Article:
Over the Fourth of July holiday, families and friends come together to celebrate the nation’s founding; however, for property managers of residential apartment communities, it’s a time for vigilance against the many types of accidents and incidents that can occur when people congregate and celebrations get out of hand.
To keep Independence Day in your community fun and safe for everyone, be aware of these common dangers, and take steps to avoid them.
It seems that the news around this time of year always includes fireworks accidents, ranging from minor to extremely serious. Last year in California, two men were trying to ignite a mortar-type firework device when it exploded in their hands, seriously injuring both men.
And in Massachusetts, a man and a teenage boy were attempting to light a commercial-grade firework when it exploded, seriously injuring the teen’s hand. Both incidents occurred at apartment communities.
Back-porch cookout disasters
An unattended grill on a balcony caused a 2014 fire at a residential community in Louisiana. The fire left residents of twelve apartments homeless. Fortunately, no one was injured, but the building’s third floor was a total loss, while the first and second floors suffered extreme water damage.
A 2013 lawsuit followed the near-drowning of a 3-year-old Maryland boy who wandered into the gated pool area of the apartment community where he lived. The boy survived but suffered permanent brain damage.
An appellate court ruled in favor of the child’s mother, and against the community’s management, when it found that the community had failed to follow state safety standards for swimming pools.
Drinking to excess
Where there are celebrations, there’s likely to be alcohol, and lots of it. The National Institute on Drug Abuse reports that over the July Fourth holiday in 2009, about 942 emergency room visits each day could be attributed to alcohol use by people younger than twenty-one. That was double the typical number.
Alcohol can cause a number of ill effects in residential apartment communities, including accidents with fireworks, grills, and pools. It also can increase instances of domestic violence and injuries.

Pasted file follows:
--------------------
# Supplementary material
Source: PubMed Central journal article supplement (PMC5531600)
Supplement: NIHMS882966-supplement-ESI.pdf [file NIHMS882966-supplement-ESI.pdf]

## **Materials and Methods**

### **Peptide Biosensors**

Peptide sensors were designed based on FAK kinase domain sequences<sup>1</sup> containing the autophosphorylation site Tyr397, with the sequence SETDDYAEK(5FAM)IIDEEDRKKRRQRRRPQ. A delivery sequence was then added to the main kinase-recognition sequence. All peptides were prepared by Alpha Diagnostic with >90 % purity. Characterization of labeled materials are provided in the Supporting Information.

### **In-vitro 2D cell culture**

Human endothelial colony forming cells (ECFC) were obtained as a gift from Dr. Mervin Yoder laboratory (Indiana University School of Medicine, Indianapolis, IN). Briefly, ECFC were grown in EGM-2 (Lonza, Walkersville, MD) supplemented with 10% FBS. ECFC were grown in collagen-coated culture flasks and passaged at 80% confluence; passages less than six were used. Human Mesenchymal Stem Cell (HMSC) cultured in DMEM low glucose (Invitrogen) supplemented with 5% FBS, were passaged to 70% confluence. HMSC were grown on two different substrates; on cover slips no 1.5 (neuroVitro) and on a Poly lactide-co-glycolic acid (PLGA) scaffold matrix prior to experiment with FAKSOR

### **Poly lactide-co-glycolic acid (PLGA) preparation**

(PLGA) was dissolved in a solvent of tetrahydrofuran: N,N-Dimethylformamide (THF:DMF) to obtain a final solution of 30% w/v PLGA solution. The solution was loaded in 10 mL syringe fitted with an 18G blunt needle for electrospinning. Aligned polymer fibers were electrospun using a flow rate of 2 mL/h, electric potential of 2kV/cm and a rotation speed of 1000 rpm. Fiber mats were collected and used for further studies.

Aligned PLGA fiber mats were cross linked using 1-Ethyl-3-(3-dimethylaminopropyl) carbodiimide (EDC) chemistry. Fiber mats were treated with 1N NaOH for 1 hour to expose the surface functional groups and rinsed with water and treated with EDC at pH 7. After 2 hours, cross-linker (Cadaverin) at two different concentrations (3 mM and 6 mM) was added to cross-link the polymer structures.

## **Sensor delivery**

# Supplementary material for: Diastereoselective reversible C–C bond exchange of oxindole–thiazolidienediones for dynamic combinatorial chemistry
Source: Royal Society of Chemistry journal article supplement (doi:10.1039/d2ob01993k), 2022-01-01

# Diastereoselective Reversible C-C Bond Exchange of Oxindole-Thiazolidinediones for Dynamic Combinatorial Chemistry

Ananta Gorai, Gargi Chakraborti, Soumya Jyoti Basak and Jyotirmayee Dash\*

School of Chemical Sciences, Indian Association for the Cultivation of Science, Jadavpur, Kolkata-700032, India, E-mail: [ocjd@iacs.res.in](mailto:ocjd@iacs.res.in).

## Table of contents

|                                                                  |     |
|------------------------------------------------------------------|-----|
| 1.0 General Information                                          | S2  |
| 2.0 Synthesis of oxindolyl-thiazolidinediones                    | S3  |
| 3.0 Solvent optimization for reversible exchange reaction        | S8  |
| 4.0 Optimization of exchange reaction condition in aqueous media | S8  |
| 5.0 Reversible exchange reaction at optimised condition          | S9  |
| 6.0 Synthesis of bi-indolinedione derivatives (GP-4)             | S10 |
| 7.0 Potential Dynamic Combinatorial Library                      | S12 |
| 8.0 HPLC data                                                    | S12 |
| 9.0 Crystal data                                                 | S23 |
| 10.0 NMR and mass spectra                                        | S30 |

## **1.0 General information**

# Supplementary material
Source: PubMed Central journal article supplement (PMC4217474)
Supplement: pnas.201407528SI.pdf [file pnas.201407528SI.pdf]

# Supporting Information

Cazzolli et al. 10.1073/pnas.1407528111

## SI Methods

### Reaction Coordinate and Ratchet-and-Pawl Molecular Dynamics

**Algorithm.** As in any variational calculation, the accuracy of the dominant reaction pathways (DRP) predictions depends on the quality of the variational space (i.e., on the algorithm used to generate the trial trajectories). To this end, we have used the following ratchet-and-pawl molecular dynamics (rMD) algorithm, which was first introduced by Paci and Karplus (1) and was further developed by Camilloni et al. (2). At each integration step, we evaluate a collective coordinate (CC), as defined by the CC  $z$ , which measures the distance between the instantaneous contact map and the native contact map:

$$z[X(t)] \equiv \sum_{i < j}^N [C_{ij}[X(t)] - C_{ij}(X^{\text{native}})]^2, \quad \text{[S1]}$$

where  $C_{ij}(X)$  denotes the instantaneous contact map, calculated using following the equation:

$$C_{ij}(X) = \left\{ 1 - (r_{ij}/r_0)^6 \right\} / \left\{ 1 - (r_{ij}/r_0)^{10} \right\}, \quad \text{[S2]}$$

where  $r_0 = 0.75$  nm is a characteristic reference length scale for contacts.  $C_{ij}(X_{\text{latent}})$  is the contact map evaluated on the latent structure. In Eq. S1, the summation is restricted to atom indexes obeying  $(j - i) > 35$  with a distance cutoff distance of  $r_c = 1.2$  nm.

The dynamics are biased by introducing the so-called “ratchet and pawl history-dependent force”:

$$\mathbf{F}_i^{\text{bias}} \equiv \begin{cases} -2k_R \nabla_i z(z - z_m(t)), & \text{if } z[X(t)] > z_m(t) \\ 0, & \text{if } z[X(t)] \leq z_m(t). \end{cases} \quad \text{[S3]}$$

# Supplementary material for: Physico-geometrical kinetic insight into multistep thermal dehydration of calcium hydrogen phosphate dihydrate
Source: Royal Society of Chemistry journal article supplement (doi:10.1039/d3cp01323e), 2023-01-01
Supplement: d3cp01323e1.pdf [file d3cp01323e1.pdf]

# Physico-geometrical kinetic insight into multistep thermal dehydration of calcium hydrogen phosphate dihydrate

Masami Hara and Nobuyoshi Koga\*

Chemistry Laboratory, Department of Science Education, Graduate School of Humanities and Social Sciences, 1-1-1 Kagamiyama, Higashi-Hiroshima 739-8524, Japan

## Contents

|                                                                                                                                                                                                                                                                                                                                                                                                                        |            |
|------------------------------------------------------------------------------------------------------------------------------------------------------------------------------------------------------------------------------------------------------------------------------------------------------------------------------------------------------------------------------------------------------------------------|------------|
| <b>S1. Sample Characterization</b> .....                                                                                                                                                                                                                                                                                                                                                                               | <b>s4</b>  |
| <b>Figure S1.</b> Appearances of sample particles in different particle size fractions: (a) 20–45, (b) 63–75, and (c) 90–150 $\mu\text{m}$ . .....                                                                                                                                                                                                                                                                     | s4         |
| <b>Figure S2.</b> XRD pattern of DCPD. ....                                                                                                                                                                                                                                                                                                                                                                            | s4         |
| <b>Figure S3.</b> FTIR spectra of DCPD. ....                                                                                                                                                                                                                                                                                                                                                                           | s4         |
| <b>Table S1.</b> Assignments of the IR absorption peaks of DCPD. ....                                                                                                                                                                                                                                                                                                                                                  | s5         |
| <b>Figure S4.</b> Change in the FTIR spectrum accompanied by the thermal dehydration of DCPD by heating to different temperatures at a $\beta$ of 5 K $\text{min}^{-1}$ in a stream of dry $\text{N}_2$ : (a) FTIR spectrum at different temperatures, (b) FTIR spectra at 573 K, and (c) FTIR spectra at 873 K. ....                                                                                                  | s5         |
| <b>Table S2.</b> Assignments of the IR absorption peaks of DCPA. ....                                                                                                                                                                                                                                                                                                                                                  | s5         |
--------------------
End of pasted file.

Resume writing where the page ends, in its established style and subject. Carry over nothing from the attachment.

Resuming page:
Heading off potential problems over the Independence Day holiday
For all the potential dangers of the July Fourth holiday, the keys to prevention are anticipation and communication. To head off problems, take the following steps:
* Think through the specific problems that could arise in your community.
* Review local safety statutes, or consult with your attorney, to ensure that your pool and other areas comply.
* Put together a comprehensive flyer, broken down by category, including specific safety information for residents.
* List penalties for breaking local laws or for failing to abide by community rules, up to and including eviction.
* Make it clear that residents are responsible for the behavior of their guests, including drinking in common areas.
* Place the safety flyer on all resident doors several days in advance of the holiday, and post it in visible locations throughout the community.
* Add a notice to your website home page, and post the flyer on the site for download.
* Use an automated texting or calling service to contact residents with the main points of your flyer, and direct them to the website for more information.
With a little preparation, you can make it a safe holiday for everyone in your community.
http://www.injury-lawyer-florida.com/2014/05/southwest_florida_swimming_pool_accidents_a_summer_risk_.html, http://www.wcvb.com/news/police-investigate-explosion-at-abington-apartment-complex/25083284, http://theadvocate.com/home/9223923-125/denham-springs-apartment-fire-affects, http://www.mercurynews.com/crime-courts/ci_26095016/fireworks-blast-san-jose-blows-off-mans-hands, teens.drugabuse.gov/blog/post/assert-independence-alcohol-july-4th